>>> psutil.Process().memory_info().rss / (1024 * 1024) 2902.12109375
What’s going on? Why did 200MB of memory disappear?
To find the answer we’ll need to learn a bit more about how the operating system manages memory.
A simplified model of memory allocation
A running program allocates some memory, i.e. gets back an address in virtual memory from the operating system.
Virtual memory is a process-specific address space, essentially numbers from
-1, where the process can read or write bytes.
In a C program you might use APIs like
mmap() to do so; in Python you just create objects, and the Python interpreter will call
mmap() when necessary.
The process can then read or write to that particular address and consecutive bytes.
We can see this in action by using the Linux utility
ltrace to trace calls to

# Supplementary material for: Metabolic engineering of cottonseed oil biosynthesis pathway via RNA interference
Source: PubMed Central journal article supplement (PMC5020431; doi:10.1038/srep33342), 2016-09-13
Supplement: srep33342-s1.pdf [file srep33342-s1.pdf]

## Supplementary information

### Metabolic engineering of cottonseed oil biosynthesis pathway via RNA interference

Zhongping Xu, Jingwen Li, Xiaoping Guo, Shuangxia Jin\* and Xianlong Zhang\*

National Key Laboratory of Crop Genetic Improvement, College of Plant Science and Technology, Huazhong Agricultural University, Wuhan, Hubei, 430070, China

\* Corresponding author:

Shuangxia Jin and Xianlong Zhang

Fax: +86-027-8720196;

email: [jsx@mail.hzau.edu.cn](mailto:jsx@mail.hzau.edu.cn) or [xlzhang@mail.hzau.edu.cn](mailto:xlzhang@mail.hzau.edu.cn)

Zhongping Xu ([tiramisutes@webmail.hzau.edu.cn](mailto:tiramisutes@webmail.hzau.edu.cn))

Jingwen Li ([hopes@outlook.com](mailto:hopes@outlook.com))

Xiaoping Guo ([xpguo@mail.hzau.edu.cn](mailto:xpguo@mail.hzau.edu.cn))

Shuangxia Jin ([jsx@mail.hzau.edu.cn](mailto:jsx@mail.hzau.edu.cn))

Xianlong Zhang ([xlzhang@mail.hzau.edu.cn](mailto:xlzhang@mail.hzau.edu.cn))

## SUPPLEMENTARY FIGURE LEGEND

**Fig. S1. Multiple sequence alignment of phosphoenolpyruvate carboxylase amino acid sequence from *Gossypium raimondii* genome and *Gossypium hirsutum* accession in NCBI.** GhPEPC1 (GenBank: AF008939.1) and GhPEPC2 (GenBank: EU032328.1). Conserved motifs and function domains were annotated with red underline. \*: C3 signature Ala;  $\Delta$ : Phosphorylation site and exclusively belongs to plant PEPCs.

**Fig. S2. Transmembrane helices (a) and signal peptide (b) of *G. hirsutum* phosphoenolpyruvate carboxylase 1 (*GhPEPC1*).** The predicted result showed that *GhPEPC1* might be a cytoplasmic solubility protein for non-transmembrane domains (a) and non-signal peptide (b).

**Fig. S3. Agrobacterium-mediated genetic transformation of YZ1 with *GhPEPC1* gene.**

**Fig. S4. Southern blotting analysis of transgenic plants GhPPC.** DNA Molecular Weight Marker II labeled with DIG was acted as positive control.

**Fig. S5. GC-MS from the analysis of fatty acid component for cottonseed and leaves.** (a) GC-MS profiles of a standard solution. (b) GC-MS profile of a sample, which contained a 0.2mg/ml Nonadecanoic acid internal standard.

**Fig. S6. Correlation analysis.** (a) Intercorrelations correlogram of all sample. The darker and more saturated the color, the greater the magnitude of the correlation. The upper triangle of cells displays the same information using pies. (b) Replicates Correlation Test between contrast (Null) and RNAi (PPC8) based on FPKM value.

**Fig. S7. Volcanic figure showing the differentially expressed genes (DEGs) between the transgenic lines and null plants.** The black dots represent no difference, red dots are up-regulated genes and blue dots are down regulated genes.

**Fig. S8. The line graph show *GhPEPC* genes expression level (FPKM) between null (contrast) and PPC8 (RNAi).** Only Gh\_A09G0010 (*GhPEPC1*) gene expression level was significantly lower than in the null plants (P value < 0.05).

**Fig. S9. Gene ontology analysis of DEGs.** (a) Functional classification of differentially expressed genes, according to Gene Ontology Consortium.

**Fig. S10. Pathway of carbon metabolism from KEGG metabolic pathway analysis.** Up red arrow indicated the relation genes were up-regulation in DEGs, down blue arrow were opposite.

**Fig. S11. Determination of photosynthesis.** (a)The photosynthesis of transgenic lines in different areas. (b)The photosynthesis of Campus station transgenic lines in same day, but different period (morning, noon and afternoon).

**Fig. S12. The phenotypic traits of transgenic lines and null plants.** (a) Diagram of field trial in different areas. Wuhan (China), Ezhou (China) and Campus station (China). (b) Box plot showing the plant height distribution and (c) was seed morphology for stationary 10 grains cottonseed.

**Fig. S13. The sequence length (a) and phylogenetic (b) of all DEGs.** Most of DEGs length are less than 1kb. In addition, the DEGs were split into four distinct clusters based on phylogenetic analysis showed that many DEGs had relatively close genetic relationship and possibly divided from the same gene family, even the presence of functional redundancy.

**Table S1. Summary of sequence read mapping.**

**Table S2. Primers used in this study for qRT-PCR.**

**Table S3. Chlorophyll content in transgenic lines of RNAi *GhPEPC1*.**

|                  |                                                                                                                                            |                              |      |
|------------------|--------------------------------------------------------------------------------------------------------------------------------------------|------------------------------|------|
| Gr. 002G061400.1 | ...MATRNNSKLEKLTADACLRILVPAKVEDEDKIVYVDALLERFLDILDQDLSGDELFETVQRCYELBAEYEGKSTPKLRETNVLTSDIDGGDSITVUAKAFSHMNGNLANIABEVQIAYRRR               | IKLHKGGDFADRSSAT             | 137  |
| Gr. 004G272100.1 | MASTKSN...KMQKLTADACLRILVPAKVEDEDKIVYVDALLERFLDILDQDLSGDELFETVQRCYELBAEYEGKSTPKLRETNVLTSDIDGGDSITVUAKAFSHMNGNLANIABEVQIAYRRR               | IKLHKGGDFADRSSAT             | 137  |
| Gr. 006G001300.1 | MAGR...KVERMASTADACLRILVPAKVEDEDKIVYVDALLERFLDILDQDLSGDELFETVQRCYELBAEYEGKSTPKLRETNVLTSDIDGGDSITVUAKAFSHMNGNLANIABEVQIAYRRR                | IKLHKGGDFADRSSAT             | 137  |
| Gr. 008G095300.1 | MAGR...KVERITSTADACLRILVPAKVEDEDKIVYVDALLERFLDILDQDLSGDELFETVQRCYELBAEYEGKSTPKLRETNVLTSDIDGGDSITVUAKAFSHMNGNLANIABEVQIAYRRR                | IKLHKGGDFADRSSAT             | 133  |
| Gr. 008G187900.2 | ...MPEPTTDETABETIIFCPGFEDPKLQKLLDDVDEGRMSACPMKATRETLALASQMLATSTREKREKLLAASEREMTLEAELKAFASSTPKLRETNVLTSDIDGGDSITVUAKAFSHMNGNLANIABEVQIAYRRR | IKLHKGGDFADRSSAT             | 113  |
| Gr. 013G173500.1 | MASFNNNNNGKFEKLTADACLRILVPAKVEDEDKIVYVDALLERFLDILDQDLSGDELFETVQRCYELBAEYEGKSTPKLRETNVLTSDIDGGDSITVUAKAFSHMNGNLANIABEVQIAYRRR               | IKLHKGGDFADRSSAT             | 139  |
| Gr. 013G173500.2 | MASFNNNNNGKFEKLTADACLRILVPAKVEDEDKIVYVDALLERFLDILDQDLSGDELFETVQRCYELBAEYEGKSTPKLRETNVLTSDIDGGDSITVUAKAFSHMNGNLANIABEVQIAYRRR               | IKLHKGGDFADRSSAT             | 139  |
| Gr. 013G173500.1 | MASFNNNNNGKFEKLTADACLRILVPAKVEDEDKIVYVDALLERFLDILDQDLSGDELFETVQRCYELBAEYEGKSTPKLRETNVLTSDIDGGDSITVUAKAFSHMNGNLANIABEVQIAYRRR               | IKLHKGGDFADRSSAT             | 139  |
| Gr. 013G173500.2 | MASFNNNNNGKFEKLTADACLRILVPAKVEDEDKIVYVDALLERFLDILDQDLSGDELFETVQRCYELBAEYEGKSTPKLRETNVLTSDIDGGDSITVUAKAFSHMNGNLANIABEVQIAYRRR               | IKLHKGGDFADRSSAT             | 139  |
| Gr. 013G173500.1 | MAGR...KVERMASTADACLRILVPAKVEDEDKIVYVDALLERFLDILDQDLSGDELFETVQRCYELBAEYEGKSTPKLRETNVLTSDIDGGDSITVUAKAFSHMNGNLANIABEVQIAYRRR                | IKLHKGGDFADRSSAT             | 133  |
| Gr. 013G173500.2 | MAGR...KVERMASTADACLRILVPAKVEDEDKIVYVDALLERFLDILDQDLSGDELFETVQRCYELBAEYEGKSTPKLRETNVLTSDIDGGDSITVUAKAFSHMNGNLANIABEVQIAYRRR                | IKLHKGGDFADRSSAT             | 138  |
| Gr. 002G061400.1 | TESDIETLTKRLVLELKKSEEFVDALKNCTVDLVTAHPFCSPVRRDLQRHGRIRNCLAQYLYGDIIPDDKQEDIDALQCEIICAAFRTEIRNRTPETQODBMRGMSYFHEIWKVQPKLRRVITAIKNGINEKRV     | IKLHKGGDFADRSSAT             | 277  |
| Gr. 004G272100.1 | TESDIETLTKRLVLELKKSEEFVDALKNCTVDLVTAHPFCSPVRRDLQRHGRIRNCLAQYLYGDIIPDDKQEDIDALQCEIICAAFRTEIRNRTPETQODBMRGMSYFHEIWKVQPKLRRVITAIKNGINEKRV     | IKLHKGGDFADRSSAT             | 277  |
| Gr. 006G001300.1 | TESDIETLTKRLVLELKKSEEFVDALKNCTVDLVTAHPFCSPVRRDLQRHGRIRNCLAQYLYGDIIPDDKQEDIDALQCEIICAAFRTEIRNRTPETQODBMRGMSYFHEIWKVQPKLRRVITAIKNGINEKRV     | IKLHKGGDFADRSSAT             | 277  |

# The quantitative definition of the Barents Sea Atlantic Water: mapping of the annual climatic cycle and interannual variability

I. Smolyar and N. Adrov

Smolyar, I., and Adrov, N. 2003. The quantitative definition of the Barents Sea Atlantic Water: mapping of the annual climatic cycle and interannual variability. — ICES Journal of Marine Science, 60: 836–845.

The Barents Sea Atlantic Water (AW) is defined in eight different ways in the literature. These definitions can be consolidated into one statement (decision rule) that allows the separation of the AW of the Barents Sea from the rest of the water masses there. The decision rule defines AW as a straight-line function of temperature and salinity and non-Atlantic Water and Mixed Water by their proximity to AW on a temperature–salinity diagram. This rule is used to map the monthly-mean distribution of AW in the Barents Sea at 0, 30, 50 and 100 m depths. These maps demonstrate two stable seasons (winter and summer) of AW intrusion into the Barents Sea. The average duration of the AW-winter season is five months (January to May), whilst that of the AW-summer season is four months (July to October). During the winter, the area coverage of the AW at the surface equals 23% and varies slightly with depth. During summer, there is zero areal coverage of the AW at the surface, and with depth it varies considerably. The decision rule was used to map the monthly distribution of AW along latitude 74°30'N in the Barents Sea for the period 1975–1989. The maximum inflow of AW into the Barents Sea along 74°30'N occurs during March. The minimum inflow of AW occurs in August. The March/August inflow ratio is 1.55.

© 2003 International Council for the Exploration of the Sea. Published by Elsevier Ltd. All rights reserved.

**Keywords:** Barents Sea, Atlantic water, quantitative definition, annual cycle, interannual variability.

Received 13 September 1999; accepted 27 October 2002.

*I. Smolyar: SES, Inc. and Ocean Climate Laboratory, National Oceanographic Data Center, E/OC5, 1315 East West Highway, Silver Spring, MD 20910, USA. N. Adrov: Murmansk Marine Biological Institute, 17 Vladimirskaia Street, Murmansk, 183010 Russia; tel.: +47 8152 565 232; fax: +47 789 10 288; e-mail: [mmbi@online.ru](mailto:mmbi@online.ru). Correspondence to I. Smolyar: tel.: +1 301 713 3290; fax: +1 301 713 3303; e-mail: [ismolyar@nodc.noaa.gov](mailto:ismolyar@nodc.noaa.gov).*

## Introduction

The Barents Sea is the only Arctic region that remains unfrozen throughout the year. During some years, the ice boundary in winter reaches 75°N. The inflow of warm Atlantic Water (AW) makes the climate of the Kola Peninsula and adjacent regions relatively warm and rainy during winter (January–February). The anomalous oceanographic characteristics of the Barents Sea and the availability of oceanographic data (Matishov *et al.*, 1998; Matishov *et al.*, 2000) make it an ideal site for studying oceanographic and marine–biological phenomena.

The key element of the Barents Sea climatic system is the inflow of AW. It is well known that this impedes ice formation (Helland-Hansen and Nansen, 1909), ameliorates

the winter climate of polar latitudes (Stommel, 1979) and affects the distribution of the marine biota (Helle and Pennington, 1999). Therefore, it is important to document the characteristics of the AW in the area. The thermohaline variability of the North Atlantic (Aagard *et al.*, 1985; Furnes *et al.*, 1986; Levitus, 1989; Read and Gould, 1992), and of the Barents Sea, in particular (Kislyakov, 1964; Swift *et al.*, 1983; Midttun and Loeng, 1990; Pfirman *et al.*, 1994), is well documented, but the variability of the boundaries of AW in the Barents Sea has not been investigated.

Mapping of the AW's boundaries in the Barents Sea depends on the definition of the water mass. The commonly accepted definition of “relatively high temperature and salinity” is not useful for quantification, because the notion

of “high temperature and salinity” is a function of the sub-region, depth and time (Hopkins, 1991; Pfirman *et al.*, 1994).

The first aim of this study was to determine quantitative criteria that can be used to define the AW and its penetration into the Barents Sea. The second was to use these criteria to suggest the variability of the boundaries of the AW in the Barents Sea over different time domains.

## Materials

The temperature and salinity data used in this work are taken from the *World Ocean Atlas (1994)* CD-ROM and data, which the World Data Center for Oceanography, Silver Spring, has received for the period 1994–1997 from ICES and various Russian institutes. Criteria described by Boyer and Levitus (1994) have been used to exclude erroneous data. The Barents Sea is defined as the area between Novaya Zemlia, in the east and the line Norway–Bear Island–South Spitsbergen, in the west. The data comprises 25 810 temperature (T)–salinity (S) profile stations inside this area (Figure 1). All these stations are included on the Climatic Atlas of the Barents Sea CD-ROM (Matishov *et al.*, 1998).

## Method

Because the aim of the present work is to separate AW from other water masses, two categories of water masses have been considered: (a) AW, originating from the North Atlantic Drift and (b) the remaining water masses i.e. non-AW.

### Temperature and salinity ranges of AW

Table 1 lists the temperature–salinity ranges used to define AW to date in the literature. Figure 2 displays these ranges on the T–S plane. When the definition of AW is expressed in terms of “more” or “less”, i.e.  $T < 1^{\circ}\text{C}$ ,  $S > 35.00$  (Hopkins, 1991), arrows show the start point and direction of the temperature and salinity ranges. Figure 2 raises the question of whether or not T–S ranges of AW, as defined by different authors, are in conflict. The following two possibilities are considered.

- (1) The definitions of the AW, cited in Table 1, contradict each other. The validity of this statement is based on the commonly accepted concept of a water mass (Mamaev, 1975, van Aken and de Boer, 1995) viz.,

Given the following program:
import numpy as np arr = np.ones((170_000,), dtype=np.uint8)
We can run Python under
$ ltrace -e malloc python ones.py ... _multiarray_umath.cpython-39-x86_64-linux-gnu.so->malloc(170000) = 0x5638862a45e0 ...
Here’s what happening:
- Python create a NumPy array.
- Under the hood NumPy calls
- The result of that
malloc()is an address in memory:
- The C code used to implement NumPy can then read and write to that address and the next consecutive 169,999 addresses, each address representing one byte in virtual memory.
Where are these 170,000 bytes stored?
- They can be stored in RAM; this is the default.
- They can be stored on the computer’s hard drive or disk, in which case they’re said to be stored in swap.
- Some of the bytes might be stored in RAM and some in swap.
- Finally, they can be stored nowhere at all.